And this particular story, even though it was very small, caught the eye of a gentleman by the name of Maurice Klugman. And Klugman may be a familiar name. He is the brother of actor Jack Klugman. And at that time, during the time period from 1976 to 1983, Maurice Klugman was producing a show by the name of Quincy ME, and the starring role was playing by his brother, Jack.

And Maurice Klugman, after reading this story, contacted Abbey Meyers, and informed her that he, too, is a patient with a rare disease, and he could understand the situation that Mr. Seligman was going through.

So they decided to actually produce a program that discussed the--looked at the plight of patients with rare diseases. So they did a whole one-hour segment on rare diseases, and this caught the attention of many U.S. citizens, and so the letters started pouring in back to Abbey Meyers. And so as you can see, Abbey Meyers realized that there was power in numbers, and now that she's created this nonprofit organization that represented 25 million U.S. citizens--that was a huge number--and so with those numbers, and all this information coming in, she was able to get the ear of Congressman Henry Waxman.

Okay. Congressman Henry Waxman, we believe, is the gentleman that coined the word "orphan drug," and he felt like orphan drugs were like children who have no parents, and that they required special efforts. And those special efforts came about through the approval, or the enactment of the Orphan Drug Act.

The Orphan Drug Act was signed into law, January 4th, 1983, and that was signed by President Ronald Reagan, and the Orphan Drug Act provided an additional mission for FDA to promote and develop drug therapies for rare diseases.

So with the Orphan Drug Act becoming law in 1983, that also created this office. The Orphan Drug Act, initially, the focus of the act was on a definition of and treatment for rare diseases and conditions, and, most importantly, the Orphan Drug Act offered valuable incentive to encourage sponsors, or industry, to develop rare disease treatments.

The Orphan Drug Act again came about in 1983, and has remained relatively unchanged throughout the years. There have been a few minor amendments. The first amendment came about in 1984, and, initially, Congress did not know how to define a rare disease, so they thought about it for a year or so, and they came up with this definition.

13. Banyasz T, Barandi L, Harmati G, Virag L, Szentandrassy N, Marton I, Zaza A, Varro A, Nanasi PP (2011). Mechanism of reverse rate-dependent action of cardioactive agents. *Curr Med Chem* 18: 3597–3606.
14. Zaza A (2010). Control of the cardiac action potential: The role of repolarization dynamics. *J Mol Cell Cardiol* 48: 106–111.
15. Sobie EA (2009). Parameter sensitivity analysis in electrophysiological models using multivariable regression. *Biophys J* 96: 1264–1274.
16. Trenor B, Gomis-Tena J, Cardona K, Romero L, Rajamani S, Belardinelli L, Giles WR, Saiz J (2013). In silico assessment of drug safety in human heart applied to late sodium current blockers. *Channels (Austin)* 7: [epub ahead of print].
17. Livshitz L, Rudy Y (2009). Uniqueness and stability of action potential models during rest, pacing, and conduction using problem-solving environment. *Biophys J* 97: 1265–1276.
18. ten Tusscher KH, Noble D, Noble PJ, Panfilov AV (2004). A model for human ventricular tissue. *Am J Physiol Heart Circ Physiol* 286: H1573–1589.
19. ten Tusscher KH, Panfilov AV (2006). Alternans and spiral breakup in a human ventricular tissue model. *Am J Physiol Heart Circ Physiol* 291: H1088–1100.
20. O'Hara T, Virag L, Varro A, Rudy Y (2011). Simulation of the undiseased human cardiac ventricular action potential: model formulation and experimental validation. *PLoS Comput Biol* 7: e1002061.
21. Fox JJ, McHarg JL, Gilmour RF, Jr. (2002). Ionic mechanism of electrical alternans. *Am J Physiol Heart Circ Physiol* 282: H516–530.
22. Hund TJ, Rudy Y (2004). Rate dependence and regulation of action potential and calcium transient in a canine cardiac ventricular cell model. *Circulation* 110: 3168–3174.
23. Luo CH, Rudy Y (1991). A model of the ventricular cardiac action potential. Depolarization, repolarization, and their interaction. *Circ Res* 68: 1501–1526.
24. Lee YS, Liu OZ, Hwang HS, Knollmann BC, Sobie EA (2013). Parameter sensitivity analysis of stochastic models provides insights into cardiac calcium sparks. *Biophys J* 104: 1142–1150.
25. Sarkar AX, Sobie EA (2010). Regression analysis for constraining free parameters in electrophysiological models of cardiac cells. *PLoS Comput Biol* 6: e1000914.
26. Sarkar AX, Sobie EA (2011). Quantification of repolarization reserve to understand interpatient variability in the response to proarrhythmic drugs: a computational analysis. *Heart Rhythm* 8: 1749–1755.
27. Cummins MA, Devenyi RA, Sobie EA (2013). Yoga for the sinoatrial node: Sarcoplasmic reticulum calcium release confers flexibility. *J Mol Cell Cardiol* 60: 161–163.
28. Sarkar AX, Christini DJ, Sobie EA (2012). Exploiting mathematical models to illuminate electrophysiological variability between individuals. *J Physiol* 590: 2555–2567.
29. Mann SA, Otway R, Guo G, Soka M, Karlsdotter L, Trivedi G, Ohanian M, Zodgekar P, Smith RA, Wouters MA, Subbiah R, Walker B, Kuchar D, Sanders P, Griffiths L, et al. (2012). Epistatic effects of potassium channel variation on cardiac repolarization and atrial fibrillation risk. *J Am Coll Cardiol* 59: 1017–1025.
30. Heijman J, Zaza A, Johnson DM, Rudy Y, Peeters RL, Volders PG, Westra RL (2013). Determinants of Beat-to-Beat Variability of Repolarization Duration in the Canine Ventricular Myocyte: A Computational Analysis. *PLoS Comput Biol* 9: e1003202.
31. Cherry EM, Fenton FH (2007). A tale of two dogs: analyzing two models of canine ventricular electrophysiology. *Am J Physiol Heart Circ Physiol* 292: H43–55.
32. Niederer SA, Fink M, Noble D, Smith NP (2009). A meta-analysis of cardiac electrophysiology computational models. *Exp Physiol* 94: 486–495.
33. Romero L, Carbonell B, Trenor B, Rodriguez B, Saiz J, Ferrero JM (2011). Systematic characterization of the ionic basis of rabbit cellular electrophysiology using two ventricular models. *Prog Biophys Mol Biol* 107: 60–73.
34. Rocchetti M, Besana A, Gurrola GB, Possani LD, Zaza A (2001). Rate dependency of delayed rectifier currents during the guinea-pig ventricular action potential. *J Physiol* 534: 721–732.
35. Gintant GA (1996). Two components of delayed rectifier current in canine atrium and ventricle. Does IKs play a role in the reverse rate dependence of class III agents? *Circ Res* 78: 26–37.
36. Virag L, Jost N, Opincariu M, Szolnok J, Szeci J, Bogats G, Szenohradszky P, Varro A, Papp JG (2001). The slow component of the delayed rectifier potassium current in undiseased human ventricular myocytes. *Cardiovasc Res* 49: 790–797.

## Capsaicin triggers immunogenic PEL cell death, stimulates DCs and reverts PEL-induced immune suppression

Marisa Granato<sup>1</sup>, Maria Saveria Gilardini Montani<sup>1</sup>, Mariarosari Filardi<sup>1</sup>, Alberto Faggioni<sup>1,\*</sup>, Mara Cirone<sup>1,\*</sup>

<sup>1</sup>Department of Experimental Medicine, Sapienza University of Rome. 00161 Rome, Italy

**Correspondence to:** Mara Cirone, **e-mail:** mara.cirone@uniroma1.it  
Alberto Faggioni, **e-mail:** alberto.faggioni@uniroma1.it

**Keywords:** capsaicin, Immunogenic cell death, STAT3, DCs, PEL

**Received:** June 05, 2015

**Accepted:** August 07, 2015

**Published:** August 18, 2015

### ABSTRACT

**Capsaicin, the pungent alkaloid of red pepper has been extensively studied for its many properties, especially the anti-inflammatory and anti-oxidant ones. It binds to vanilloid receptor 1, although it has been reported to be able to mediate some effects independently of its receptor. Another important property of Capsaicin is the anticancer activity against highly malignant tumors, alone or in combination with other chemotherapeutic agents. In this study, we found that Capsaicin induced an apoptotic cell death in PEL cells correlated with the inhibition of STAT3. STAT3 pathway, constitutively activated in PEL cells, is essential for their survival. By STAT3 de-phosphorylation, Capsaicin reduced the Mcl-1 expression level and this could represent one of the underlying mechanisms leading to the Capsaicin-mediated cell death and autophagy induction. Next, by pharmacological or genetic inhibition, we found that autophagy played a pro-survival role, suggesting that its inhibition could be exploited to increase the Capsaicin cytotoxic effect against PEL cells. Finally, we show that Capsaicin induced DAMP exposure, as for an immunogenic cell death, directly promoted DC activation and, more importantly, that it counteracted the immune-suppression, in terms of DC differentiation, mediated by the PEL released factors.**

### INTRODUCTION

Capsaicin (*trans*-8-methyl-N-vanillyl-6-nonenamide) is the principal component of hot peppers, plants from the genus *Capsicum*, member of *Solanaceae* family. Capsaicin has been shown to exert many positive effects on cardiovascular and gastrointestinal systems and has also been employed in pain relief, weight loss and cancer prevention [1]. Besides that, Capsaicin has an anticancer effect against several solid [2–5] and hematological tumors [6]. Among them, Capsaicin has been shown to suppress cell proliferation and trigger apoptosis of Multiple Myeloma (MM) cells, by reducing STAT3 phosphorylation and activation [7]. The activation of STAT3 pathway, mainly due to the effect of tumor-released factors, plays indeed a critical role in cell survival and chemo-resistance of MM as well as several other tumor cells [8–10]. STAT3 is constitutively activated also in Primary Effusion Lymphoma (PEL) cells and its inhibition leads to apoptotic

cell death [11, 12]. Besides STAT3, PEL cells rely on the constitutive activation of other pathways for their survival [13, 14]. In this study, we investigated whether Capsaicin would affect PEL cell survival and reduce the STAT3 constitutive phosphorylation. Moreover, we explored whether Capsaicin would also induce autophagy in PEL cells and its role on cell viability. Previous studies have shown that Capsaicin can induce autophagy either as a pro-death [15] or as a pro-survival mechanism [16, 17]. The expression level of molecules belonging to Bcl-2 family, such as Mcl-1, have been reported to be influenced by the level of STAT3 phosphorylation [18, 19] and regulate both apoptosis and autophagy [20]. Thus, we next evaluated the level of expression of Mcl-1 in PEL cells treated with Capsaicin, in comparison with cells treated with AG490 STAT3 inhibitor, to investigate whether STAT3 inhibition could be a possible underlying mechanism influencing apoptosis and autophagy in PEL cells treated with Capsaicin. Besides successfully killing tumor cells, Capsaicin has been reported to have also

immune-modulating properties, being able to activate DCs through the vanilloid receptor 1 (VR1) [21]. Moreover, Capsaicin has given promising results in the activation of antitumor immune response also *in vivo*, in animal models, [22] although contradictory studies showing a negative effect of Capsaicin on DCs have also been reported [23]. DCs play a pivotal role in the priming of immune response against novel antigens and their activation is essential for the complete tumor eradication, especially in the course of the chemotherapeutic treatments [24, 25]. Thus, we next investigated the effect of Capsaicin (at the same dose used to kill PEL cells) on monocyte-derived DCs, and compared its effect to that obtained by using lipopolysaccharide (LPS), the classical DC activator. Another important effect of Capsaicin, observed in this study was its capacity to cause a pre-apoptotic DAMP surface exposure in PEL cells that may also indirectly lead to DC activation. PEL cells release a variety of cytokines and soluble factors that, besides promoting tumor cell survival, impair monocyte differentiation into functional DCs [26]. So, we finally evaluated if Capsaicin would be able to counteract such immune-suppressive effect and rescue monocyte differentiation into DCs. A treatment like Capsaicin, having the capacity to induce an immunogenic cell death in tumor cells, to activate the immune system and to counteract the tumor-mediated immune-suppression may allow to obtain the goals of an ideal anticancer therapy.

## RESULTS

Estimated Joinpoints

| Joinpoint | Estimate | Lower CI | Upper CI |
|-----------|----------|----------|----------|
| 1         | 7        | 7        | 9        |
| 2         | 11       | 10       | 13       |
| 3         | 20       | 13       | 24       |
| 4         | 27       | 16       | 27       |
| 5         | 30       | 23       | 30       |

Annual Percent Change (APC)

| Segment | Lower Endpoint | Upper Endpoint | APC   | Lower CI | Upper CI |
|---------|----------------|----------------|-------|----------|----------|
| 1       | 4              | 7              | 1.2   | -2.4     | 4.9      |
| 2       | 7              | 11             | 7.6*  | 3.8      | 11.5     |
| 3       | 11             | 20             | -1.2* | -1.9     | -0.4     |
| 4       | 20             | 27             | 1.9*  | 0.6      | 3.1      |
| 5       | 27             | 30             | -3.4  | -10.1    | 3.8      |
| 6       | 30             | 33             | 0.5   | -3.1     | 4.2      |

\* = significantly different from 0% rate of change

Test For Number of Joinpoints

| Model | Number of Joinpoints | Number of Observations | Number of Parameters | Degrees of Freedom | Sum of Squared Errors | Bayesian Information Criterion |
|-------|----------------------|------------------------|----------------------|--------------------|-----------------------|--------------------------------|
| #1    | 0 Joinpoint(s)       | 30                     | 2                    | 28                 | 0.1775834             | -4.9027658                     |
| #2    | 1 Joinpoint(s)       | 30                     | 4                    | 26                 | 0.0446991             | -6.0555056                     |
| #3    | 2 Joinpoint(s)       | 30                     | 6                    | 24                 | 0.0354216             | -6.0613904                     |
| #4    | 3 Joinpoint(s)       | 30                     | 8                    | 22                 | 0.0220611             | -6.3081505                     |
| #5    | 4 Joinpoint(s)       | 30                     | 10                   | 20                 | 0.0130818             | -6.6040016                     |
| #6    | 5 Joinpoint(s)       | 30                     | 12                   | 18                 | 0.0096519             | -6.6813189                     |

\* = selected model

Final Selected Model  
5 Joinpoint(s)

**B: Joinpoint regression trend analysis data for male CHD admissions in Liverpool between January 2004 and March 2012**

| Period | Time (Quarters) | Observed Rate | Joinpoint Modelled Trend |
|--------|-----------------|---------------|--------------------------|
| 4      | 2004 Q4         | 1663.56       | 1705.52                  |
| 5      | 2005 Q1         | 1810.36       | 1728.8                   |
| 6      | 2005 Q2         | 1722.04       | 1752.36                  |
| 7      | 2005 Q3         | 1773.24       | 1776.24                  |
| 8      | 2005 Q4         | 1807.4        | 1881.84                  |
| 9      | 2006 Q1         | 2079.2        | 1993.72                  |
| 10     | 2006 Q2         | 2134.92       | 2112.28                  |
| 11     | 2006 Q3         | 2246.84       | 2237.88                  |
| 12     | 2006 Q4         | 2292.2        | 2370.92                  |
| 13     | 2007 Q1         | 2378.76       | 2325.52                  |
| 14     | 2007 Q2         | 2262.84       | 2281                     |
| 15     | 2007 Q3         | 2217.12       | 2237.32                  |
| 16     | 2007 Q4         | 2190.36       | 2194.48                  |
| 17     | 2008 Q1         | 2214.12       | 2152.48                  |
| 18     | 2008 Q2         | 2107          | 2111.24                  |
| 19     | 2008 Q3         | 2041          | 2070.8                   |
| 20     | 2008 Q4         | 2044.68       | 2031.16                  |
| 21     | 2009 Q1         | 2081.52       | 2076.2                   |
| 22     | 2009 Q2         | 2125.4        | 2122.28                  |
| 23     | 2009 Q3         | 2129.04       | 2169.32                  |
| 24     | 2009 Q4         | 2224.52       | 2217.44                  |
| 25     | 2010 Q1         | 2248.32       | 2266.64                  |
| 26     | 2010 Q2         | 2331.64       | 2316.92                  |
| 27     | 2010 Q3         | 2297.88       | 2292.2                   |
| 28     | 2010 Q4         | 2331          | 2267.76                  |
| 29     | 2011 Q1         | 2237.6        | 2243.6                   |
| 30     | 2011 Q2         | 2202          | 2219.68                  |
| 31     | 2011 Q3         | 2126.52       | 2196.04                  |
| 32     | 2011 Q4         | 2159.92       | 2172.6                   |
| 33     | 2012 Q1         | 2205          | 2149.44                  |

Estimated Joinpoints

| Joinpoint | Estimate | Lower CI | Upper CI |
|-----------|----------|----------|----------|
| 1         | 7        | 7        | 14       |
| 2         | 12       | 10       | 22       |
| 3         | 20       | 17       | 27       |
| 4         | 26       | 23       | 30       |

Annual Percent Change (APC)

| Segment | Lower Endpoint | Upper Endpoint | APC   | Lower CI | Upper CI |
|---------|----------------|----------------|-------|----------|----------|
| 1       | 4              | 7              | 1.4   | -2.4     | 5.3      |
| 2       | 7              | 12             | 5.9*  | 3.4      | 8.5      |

They said that a rare disease is any disease or condition which affects fewer than 200,000 U.S. patients in the United States, or--there's a second part to the definition--it may be a disease or condition that affects greater than 200,000 persons in the United States but for which there is no reasonable expectation that costs of developing and making available in the U.S. a drug for such disease or condition will be recovered from sales in the U.S. of such drug.

It's interesting to note, that with the second definition, we've designated many, many different products. I'll give you exact numbers in a few more slides. But we've only had three different products come in that met the requirements for the second definition. So that hurdle of non-profitability is pretty high.

In 1985, a second amendment came along, and Congress realized that many drug products have patent protection, and they realized that patent protection had its limits. So not only did they include non-patentable drug products. They also included patentable products.

And they also realized that biologics were now coming into the limelight, and they realized that there were some very important therapies that were in the pipeline. So they included drugs and biologics as part of the Orphan Drug Act.

MS. FURIA: Excuse me. I just want to interrupt you one second, Jeff. Someone has their speaker that's not muted, and we can hear conversations. Can you please ensure you hit star six to mute your phone. Thank you. Sorry.

MR. FRITSCH: In 1988, another minor amendment to the original Orphan Drug Act came about, and one of the points of the amendment is that it requires the application for designation to be made prior to the submission of a new drug application, which we also call an NDA, and that's for drug products, or a product license application, which is now called a biologics license application, that is BLA, and those are targeted for biologics process.

What happened prior to 1988, there was a handful of companies that were developing drug products for rare diseases but they never came to this office to seek orphan designation, and they went through the entire development process without orphan status, and then they did not need use of the number of financial incentives that we had to offer, and post-approval of their product, they decided, hey, we have a orphan drug product and we would like to get the exclusivity associated with approval of orphan drug products.